KS2 British prehistory – Dorstone Hill week 2

Things are going nicely on top of Dorstone Hill. The second week of the excavation has revealed more of the structure and is looking rather good. As ever, as the work progresses, the students get to see more of how archaeologists work and practice some of the skills.

In the pictures here, we see two of the students excavating ‘features’ on the site. ‘Feature’ is the term we use to cover what might be a multitude of differences in soil colour and texture, and which may turn out to be a post-hole, pit, ditch etc. You can see how there is a length of string across the feature. This is to help undertake what is called a half-section excavation. Half the feature is excavated which then leaves a vertical face through the feature. To an archaeologist, this reveals the story of the feature. It tells us the rate at which material was deposited on the hole, whether it was kept clean, if it was re-dug at a later date, how many deposits there are and sometimes in a post-hole for example, you find the remains of the post itself. It may well be wood, but very often on prehistoric sites, the wood has decayed to leave a fine, silty deposit known as a ‘post-pipe’. The use of nails to mark the section is also used to add it to the site plan in 3 dimensions.

In these days of digital technology, you might think that taking a picture is second-nature to students. It might be, but the images required for the excavation record have to be detailed, focused and contain information such as the site code, date, feature number, a north arrow and the direction of the photograph. All this takes a while to get used to – it’s not just a case of click and go! The chequerboard effect you see in the last image is the result of the team taking soil samples for analysis. This can give us valuable information about the environment in the past from what is contained in the soil such as pollen and snail shells.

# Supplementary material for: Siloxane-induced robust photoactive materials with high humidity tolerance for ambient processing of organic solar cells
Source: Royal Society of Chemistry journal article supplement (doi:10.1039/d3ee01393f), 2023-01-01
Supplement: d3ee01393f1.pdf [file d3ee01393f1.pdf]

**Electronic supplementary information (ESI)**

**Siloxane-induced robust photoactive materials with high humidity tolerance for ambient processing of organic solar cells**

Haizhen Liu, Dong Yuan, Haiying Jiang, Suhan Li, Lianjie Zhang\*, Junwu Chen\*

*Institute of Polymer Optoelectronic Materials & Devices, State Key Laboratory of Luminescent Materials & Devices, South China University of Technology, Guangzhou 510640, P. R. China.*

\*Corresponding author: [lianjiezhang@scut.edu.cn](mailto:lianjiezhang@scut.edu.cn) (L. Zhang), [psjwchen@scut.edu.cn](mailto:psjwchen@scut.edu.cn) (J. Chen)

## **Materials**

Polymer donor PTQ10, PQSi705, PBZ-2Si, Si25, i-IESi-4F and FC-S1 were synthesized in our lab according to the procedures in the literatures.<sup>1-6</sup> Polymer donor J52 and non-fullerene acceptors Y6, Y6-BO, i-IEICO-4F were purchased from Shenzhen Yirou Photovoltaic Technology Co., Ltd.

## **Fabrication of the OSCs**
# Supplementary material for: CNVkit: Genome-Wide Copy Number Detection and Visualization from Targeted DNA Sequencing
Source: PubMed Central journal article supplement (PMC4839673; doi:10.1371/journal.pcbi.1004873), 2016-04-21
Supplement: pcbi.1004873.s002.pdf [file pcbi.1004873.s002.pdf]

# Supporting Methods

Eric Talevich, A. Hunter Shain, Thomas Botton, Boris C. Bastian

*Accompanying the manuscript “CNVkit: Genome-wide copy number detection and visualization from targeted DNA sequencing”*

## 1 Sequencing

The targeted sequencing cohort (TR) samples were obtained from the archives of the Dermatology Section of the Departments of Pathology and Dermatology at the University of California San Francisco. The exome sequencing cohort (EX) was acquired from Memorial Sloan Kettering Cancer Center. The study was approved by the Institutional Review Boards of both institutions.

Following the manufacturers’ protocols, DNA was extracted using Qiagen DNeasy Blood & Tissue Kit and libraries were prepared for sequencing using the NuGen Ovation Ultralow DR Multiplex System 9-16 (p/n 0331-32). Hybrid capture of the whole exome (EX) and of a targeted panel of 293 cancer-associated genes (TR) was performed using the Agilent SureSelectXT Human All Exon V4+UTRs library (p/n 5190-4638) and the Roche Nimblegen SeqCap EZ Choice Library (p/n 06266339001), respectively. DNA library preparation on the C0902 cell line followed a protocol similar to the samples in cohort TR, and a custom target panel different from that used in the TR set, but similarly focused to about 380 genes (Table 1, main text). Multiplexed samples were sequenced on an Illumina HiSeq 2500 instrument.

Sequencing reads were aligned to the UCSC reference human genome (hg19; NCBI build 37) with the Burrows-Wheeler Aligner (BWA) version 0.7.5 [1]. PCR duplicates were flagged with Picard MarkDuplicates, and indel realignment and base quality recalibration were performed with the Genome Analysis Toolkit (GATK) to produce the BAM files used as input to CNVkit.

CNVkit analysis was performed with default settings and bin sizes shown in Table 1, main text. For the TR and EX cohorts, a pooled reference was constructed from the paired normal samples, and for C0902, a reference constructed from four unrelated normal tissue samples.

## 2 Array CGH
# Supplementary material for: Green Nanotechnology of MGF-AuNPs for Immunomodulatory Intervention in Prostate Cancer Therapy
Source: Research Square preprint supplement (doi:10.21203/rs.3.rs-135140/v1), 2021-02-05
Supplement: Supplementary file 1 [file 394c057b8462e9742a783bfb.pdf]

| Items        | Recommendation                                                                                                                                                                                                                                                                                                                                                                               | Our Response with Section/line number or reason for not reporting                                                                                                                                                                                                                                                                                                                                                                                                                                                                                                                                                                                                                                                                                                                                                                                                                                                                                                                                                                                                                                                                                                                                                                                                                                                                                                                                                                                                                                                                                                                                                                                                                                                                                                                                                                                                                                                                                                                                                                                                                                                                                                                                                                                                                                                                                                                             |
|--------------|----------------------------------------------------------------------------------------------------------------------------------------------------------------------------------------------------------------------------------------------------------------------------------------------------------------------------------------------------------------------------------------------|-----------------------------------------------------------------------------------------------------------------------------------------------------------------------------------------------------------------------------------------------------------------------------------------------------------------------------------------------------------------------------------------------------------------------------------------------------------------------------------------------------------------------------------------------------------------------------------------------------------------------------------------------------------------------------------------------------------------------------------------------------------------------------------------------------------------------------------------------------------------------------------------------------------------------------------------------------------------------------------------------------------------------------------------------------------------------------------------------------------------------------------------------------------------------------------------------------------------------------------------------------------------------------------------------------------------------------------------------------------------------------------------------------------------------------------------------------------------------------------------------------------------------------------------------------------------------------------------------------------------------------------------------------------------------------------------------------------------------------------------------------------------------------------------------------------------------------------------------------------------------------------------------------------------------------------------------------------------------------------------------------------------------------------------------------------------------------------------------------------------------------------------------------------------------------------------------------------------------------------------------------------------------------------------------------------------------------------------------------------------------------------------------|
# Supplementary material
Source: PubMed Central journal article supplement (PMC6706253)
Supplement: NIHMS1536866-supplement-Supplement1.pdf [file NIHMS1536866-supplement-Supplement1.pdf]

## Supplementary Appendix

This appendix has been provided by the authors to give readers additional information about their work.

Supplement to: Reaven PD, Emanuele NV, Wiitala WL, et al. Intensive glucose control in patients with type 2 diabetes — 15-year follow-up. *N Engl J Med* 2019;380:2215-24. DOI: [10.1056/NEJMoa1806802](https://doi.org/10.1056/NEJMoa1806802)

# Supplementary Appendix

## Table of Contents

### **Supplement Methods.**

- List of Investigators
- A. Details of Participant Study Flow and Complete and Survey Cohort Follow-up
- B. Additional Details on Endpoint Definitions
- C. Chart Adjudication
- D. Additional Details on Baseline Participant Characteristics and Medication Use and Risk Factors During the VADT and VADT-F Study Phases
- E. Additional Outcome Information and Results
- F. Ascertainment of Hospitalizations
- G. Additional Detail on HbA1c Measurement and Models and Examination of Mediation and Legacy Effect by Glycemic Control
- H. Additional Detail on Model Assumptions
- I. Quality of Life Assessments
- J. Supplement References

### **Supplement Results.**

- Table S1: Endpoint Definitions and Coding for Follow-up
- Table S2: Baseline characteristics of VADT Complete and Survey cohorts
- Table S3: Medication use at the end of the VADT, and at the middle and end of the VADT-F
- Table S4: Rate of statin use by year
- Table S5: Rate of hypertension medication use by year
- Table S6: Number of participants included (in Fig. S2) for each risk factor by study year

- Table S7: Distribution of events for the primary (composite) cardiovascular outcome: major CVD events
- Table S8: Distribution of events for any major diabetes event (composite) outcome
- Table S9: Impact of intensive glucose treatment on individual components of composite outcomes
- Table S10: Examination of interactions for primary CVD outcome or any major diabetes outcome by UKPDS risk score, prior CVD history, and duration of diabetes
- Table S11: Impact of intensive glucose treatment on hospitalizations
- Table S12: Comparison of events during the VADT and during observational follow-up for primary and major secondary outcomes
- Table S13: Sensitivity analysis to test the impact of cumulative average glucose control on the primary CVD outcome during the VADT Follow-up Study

Its not just students doing their archaeology degree who have been gaining experience on the excavation. The University of Manchester has a partnership with local charity Pure Innovations and have been help young people with learning disabilities achieve their Gold Duke of Edinburgh award – you can read more here Digging for gold!

Week two was a great success, with a number of pieces of Neolithic pottery being found as well as a fragment of a polished stone axe! Sadly for the students, their stay is over and they make way for a second group who also stay for two weeks. The staff and volunteers are there for the duration and get to see the site change dramatically over a month. We can’t wait to see what emerges in week three!

Back with more news soon!

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